Is there a parent out there who can’t relate to the first sentence of The Teenage Brain, by Frances E. Jensen, MD?
She’s a neuroscientist specializing in adolescent brain development and the mother of two teenage boys, and her book is “a survival guide” full of important information about how brains develop, what’s going on inside the skulls of adolescents, and what this means for how we parent and educate our teens and young adults.
I’ve just started reading this book, and here are a few of the nuggets I’ve already discovered:
God, grant me the serenity to accept the things I cannot change,
The courage to change the things I can,
I like Victorian-era cemeteries, and whenever I visit one the Serenity Prayer enters my mind.
In those days there was no cure for tuberculosis, which was romantically called “consumption” and which along with other infectious diseases filled the churchyards and necessitated the creation of vast new burying grounds.
Victorian cemeteries were intended as parks where families could picnic and visit their departed loved ones on Sunday afternoons.
These are the simplest pieces of wisdom in this whole collection, and they are amazingly powerful.
Oh, how I wish I could relive those days in my 20’s, 30’s, 40’s (days?…actually years) of chronic weariness, when I was heroically trying to “do it all” and muddling through on way too little sleep.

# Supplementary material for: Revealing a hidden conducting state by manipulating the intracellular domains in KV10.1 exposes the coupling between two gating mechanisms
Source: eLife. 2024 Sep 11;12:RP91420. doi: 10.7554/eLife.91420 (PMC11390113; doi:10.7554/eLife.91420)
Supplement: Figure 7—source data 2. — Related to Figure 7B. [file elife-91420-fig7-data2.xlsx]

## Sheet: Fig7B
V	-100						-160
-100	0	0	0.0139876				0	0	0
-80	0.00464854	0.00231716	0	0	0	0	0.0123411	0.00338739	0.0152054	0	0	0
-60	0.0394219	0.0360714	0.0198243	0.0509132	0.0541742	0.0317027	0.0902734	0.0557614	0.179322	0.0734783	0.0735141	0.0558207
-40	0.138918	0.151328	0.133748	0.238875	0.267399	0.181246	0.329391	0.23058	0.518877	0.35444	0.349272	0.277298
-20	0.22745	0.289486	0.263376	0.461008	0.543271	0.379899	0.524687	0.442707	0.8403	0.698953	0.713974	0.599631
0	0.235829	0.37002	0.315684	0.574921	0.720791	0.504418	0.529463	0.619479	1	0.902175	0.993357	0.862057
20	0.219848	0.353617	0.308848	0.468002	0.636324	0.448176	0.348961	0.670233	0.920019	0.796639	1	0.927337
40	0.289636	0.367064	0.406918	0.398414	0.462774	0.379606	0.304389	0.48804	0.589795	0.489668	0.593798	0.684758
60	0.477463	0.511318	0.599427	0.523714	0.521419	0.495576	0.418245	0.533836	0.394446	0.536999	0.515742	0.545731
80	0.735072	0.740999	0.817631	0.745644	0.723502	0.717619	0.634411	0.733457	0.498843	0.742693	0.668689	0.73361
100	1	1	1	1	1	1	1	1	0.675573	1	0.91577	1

Love may seem magical, whimsical, steered by the forces of fate, timing and chemistry…but, in fact, love thrives when people behave well towards one another and withers when they treat one another badly. (Duh!!)
I make my living working with kids, and it’s my impression that most of them have little clue as to what they want to do with their lives, and that they find the very question terrifying.
I’m part of that generation of women who were told we could have it all and actually believed it.
When I was a kid math was not my forte, and in eighth grade I was struggling and failing at algebra. So my mom went to the local bookstore and bought me a review book (picture the mid-1970’s version of Algebra for Dummies).
For one thing, due to our limited powers of attention (see Day One) we never get the whole story to begin with. Then, every time we recall an event our minds edit and interpret and embellish, like a fish story.
And we do an especially inaccurate job on emotionally loaded events; we freight those memories with so much emotional baggage that they become personal fairy tales more than actual recollections.
People use words as weapons, to defend themselves. It is common for people to attack with anger when they are afraid and to become insulting when they are hurt or jealous. -Dr. Shirley Glass
When we are anxious or angry we can’t think straight. This means we ought to avoid taking action or having heavy conversations while immersed in these mood states.
The emotions of fear and anger trigger our internal fight-or-flight mechanism, which sends epinephrine (adrenalin) gushing through our bloodstream. Our heart races, our blood pressure shoots up, our platelets ready themselves to clot in case we are injured…and our higher-level thinking skills shut down. After all, it doesn’t take a lot of brainpower to run from a saber-toothed tiger.